It's a phrase we've all got rather tired of, but the ‘new normal’ is most definitely here to stay. After the initial panic, many of us have adjusted to working from home, surrounded by our family, pets and the constant allure of the refrigerator. Our working days are full of Team meetings and Zoom exchanges.
When the lockdown first hit, organisations like Eyeful ran around issuing best practise guidelines in an attempt to safeguard presentation quality in this ‘new world’. The good news is that a lot of these best practises were taken on board and over time, people became more confident and comfortable with presenting remotely.
Now for the bad news…
We’re now entering the most dangerous time for remote presentation quality within organisations.
Six months into any new way of working is when the best practises and intentions of presenters tend to fray at the edges. We’re already hearing some unnerving news about how virtual communication is starting to fall back into bad habits - the BBC recently published an article about one of the UKs biggest retailers suffering due to a culture of poor communication within the organisation.
Bullet point strewn slides were never a good idea when you were presenting face to face. They are the death knell to communication when delivering virtually.
Hit the reset button (again)
To ensure your organisation doesn’t fall back into bad habits, we’re here to not only remind you of the fundamentals of remote presenting, but also highlight recent lessons learned to keep you on the cutting edge of presentation best practice in a virtual world.
Over the next couple of weeks, we’ll be highlighting a series of remote presenting hot topics, aimed at prompting to stop, think and start rethinking your next virtual presentation.
Sealed with a virtual KISS
Most presentations are too long. There is a peculiar notion that it is acceptable to ask your audience to invest an hour of their time in return for 20 minutes of valuable content. It is assumed that the 40 minutes of information they had to sit through that was irrelevant to them, added no value to them and delivered no value was an acceptable payoff for the good information that they were receiving.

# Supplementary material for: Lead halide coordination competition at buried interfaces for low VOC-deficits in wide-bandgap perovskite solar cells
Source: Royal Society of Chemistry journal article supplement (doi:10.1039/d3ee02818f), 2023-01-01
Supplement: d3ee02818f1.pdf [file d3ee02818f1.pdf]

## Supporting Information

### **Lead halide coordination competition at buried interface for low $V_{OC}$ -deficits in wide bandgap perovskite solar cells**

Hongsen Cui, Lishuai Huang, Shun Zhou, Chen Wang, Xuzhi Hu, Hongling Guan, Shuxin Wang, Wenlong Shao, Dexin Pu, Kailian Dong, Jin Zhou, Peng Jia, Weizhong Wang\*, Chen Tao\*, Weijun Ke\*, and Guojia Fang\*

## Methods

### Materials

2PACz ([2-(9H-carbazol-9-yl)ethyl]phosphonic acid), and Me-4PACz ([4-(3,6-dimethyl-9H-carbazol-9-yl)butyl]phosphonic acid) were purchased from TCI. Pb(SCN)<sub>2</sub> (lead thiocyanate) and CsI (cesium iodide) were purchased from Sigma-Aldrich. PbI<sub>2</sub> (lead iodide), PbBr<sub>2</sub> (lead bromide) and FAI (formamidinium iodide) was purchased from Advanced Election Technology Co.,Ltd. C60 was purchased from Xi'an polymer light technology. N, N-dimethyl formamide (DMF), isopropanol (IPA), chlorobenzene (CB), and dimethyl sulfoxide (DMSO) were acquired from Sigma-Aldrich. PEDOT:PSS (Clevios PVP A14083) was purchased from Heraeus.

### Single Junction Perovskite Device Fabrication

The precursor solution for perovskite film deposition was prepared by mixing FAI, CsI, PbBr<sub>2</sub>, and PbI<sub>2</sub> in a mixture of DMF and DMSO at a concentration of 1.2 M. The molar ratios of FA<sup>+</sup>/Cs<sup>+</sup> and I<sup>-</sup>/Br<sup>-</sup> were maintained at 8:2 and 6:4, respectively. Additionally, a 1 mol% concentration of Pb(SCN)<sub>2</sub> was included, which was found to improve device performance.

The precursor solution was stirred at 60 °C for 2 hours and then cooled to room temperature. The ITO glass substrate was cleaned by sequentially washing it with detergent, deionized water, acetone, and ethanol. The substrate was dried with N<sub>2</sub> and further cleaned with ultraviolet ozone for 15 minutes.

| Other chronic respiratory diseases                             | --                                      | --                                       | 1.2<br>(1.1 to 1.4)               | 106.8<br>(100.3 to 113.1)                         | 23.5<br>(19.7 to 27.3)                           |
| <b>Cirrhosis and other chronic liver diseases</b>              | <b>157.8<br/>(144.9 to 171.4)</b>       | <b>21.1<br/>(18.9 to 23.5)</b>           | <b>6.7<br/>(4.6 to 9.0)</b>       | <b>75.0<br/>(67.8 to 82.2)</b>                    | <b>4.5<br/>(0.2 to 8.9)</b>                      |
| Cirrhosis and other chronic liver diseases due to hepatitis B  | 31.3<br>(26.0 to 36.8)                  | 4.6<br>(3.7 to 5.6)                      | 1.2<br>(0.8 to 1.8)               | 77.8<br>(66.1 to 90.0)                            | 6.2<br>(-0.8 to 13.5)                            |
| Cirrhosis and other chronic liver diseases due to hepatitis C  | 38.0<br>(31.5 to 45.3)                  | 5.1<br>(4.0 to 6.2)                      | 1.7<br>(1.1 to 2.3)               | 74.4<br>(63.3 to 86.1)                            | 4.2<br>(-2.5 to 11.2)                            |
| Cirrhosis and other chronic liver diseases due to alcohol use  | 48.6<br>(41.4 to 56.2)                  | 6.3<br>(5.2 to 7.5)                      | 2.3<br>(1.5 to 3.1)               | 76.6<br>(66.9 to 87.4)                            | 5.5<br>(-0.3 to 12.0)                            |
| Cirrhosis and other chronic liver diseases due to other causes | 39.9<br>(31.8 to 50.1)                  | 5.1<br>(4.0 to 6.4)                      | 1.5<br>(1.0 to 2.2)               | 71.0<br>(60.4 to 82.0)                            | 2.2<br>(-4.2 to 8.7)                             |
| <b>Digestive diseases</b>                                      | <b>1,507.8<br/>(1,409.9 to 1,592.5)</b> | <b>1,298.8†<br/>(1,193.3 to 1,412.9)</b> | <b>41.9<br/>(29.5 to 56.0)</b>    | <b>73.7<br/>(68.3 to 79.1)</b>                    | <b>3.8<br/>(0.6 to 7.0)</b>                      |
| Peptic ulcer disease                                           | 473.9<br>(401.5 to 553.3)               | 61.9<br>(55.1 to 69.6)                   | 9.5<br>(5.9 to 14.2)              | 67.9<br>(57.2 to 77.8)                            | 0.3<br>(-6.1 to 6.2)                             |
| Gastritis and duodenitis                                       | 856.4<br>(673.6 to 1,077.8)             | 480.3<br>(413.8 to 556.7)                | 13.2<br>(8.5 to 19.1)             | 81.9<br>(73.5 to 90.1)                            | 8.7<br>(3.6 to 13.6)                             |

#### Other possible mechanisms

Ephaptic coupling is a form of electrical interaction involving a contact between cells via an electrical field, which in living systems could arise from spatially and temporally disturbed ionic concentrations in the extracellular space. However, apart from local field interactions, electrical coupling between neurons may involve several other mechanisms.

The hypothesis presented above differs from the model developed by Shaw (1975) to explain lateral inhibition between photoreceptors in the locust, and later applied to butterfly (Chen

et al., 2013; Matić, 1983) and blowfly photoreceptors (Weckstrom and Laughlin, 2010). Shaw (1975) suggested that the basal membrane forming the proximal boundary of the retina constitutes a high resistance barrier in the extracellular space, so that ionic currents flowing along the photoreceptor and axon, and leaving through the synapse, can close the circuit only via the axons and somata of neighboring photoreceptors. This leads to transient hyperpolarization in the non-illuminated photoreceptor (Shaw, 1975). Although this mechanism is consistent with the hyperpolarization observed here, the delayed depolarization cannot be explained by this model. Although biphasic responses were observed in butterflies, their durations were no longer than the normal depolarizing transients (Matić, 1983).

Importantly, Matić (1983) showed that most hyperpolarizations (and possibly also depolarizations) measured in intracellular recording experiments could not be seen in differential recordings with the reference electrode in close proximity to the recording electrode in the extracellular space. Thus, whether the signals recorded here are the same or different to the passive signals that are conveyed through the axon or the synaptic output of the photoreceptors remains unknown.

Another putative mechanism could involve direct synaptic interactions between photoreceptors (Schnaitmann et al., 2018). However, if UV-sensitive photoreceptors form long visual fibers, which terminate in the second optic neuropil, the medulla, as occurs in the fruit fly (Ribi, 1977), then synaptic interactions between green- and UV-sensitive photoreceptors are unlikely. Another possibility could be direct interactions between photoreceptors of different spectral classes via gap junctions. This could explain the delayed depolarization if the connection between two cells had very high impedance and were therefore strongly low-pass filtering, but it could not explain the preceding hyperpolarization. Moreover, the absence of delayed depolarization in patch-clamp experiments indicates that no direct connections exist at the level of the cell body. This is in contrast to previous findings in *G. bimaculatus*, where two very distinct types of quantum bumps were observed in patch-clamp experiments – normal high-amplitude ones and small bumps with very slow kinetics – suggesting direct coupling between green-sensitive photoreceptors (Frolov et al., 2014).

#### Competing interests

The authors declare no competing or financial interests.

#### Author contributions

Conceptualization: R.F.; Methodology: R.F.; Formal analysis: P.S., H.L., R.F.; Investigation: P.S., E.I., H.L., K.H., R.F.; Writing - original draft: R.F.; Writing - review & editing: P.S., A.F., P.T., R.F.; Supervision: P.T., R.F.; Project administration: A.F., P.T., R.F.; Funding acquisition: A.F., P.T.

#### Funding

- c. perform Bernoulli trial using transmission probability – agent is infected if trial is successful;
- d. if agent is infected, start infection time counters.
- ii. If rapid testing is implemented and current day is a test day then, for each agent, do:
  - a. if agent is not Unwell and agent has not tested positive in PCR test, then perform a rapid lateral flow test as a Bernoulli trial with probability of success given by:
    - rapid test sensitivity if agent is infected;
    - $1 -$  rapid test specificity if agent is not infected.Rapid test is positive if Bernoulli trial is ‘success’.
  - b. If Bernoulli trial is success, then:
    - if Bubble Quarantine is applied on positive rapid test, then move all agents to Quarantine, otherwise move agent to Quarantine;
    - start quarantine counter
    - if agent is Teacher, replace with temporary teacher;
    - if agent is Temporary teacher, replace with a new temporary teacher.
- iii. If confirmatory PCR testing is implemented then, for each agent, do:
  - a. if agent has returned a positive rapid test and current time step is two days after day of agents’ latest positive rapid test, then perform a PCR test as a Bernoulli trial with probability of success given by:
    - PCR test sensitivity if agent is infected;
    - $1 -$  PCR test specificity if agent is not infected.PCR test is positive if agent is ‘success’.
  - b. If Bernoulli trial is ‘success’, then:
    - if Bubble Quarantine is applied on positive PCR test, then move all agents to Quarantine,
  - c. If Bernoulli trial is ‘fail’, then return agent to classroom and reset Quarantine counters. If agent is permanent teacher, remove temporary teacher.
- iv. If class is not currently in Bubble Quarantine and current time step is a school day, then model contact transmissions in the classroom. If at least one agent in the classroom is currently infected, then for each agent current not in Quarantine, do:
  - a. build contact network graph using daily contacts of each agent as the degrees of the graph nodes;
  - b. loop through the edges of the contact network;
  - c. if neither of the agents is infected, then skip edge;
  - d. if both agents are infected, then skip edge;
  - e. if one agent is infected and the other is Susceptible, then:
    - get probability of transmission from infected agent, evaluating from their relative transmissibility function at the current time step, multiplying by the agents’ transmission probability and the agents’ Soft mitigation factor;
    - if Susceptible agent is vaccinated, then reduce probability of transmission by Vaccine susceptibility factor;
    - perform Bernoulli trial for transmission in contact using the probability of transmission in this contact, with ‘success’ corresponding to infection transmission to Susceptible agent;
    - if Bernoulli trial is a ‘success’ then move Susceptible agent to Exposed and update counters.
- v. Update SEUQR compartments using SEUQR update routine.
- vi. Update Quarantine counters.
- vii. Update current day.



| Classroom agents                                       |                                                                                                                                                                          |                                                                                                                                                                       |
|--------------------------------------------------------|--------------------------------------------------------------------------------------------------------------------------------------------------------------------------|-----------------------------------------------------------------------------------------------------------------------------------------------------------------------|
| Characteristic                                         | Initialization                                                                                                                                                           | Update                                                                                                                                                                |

For ‘in person’ presentations, overstaying your welcome can be spotted as audience members shuffle in their seats or unsubtly reach for their smartphones. These nuances are lost on the virtual presenter – their audience has switched off completely, yet the presenter ploughs on without a care in the world.
A simple way to address this all-too-common pitfall is to keep it short. We would implore you to not only look at the amount of time you're asking your audience to invest, but also consider the value of that specific content to the audience.
Even better, if you’re able to take the original hour long webinar and split it into three 20-minute mega-targeted sessions that deliver great value in a shorter time to a carefully chosen audience, the return on investment, both for you and your audience, grows exponentially.
Stick to the basics - focus on your audience, keep sessions short and ensure that you are delivering value. If you feel that this is simply too much hassle for a webinar, consider the flipside – when you fail to deliver value, your reputation suffers and ultimately the engagement and goodwill of your audience erodes to the point where the opportunity to present your message disappears completely.
- The ‘Connect’ Phase of Virtual Presentation Planning – click here
- Interactive Virtual Presentation planning tool – click here
- Remote Presenting Best Practice Infographic – click here
To keep people on the straight and narrow, we’ll continue to shine a light on some of the Remote Presenting myths that have circulated across the web over the last six months. Next up – lessons from weather presenters (and why less is more for remote presentations everytime).
In the meantime, please share this information across your teams – between us, as a community of presenters, we can ensure that businesses do not fall back into the bad habits of old.